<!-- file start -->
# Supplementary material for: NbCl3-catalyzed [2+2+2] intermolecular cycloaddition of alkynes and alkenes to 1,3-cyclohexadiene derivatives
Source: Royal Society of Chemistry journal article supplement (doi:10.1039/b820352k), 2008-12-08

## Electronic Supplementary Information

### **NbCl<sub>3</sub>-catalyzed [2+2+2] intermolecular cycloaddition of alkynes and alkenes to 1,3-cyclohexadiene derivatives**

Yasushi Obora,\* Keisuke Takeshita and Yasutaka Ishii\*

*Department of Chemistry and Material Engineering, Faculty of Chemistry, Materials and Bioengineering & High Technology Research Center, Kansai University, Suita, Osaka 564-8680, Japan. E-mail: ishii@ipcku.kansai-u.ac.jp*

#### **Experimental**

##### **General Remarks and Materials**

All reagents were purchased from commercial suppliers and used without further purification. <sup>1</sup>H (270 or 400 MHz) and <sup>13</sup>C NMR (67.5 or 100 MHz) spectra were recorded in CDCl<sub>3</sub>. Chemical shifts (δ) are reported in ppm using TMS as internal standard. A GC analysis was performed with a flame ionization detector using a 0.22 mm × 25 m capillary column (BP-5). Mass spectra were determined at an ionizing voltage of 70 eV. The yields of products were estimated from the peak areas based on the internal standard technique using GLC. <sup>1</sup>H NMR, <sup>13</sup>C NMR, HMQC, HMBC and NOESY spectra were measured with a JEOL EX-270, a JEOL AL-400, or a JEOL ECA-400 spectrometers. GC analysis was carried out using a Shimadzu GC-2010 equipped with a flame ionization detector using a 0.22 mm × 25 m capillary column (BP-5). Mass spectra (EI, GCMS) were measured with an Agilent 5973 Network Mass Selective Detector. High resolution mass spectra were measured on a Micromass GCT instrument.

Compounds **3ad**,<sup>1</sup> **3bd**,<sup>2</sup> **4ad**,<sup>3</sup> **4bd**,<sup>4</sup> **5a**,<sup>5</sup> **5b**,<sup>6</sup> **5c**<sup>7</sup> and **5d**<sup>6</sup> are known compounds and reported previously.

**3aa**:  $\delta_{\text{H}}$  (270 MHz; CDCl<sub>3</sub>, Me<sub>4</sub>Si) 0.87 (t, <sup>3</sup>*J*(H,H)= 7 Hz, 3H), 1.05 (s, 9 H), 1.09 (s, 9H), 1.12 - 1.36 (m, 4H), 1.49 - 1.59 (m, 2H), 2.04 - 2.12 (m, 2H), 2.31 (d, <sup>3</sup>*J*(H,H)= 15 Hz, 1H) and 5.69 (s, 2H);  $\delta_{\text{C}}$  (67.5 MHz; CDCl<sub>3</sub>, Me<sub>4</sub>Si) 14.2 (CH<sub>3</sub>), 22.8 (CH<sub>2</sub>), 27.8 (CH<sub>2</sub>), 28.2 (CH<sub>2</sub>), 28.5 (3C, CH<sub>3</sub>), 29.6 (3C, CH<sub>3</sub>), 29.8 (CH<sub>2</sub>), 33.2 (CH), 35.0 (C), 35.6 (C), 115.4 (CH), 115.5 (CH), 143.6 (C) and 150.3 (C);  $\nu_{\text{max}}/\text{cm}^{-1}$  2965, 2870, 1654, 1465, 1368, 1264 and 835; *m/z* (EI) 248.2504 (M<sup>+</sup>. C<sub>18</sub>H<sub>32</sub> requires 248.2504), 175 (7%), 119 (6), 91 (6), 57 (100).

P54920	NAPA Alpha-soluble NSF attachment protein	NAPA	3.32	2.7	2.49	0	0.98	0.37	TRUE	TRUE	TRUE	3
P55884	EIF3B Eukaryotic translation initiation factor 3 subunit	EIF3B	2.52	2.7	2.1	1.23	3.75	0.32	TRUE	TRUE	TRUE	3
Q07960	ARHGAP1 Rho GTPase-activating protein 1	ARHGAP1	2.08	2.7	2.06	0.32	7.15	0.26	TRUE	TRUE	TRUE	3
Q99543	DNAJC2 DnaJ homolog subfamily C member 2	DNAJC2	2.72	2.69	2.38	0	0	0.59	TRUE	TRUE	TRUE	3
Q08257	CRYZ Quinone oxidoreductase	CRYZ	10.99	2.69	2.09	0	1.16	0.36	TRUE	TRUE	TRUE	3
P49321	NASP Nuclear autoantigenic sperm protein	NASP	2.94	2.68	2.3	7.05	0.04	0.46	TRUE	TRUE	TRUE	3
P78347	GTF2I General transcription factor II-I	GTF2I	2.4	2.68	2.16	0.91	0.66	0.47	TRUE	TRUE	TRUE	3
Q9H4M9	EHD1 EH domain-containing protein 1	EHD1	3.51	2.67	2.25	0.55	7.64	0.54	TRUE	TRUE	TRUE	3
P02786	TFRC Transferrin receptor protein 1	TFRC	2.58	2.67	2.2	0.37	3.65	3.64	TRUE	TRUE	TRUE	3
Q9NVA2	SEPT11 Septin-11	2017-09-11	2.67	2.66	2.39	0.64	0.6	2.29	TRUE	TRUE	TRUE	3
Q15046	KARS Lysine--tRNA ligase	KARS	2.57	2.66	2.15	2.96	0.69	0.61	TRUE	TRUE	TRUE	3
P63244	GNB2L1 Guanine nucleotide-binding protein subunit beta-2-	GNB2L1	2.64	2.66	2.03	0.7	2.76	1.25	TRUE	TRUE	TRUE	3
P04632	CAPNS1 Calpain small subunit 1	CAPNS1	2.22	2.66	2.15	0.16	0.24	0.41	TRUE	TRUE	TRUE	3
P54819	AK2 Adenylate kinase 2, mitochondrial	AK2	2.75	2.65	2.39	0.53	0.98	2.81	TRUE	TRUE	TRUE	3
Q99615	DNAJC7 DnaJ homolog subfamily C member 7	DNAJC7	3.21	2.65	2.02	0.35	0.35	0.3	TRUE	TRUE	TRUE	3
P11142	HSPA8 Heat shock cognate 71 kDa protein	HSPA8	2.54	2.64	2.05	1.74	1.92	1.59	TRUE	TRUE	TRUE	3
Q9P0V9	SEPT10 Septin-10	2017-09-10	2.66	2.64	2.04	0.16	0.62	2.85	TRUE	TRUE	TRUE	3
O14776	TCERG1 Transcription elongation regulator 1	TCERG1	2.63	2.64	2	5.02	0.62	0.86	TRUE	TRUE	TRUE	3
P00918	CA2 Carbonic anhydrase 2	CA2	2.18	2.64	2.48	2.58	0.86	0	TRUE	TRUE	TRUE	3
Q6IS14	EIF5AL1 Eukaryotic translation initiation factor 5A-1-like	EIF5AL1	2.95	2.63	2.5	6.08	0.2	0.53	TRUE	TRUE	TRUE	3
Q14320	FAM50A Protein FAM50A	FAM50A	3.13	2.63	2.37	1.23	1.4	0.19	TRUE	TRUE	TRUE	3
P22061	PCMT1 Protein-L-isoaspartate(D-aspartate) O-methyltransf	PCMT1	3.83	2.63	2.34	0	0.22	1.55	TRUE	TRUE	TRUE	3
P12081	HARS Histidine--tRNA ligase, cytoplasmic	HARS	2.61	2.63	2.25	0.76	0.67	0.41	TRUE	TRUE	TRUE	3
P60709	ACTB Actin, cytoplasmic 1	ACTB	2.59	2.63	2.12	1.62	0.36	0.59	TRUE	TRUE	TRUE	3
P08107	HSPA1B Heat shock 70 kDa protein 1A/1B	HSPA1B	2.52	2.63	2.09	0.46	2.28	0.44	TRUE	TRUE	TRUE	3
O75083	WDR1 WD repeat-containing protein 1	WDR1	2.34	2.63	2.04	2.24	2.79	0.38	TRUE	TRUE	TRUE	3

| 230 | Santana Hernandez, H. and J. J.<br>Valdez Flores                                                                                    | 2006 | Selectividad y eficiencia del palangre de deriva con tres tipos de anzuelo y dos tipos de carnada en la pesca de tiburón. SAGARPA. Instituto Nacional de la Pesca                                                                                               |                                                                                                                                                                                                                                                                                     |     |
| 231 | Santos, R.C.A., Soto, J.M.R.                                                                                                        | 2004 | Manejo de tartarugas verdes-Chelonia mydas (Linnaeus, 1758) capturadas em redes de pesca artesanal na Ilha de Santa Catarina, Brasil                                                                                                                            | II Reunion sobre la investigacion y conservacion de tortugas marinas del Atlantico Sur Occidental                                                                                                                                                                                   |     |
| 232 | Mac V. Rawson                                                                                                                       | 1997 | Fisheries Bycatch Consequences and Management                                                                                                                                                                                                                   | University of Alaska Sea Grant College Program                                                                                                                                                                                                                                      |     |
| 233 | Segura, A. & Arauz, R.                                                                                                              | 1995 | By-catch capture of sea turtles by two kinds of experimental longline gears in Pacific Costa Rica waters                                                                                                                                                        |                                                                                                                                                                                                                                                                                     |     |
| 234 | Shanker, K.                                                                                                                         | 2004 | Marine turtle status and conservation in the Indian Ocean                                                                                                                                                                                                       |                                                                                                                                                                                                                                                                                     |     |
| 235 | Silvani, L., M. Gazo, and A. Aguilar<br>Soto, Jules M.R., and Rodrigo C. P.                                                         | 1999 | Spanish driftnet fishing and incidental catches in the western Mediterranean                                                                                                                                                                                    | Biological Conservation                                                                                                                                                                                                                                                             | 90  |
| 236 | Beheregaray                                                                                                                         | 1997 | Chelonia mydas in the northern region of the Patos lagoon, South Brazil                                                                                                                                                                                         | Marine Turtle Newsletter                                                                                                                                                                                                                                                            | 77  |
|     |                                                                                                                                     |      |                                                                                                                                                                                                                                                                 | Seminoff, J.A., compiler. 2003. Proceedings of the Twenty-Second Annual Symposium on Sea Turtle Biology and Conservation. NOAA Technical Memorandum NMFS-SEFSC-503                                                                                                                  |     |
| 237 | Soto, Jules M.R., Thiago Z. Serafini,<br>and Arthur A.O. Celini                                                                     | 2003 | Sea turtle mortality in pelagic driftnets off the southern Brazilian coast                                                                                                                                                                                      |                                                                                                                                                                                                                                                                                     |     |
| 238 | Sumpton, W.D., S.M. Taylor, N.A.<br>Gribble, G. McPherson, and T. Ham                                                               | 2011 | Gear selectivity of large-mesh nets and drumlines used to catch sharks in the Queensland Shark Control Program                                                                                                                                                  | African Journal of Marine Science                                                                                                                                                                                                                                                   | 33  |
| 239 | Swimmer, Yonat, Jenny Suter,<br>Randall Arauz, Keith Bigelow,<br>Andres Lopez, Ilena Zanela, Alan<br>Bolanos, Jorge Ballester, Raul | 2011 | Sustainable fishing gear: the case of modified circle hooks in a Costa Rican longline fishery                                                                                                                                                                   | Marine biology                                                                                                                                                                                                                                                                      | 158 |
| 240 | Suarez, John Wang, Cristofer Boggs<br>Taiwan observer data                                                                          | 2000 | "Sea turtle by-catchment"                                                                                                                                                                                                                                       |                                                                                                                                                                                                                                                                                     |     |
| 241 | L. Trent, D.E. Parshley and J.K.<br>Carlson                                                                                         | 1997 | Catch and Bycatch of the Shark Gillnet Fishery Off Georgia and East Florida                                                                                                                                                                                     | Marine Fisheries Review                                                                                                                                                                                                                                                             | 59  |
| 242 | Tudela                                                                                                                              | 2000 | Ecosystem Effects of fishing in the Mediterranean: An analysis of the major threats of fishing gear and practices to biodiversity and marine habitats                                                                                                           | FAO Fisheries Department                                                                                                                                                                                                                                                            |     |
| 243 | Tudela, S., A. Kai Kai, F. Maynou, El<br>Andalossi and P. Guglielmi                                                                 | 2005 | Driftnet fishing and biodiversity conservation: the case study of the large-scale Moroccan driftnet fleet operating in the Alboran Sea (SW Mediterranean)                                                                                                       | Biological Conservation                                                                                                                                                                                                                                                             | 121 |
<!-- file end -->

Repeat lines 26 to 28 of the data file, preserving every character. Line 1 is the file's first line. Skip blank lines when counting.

Q99615	DNAJC7 DnaJ homolog subfamily C member 7	DNAJC7	3.21	2.65	2.02	0.35	0.35	0.3	TRUE	TRUE	TRUE	3
P11142	HSPA8 Heat shock cognate 71 kDa protein	HSPA8	2.54	2.64	2.05	1.74	1.92	1.59	TRUE	TRUE	TRUE	3
Q9P0V9	SEPT10 Septin-10	2017-09-10	2.66	2.64	2.04	0.16	0.62	2.85	TRUE	TRUE	TRUE	3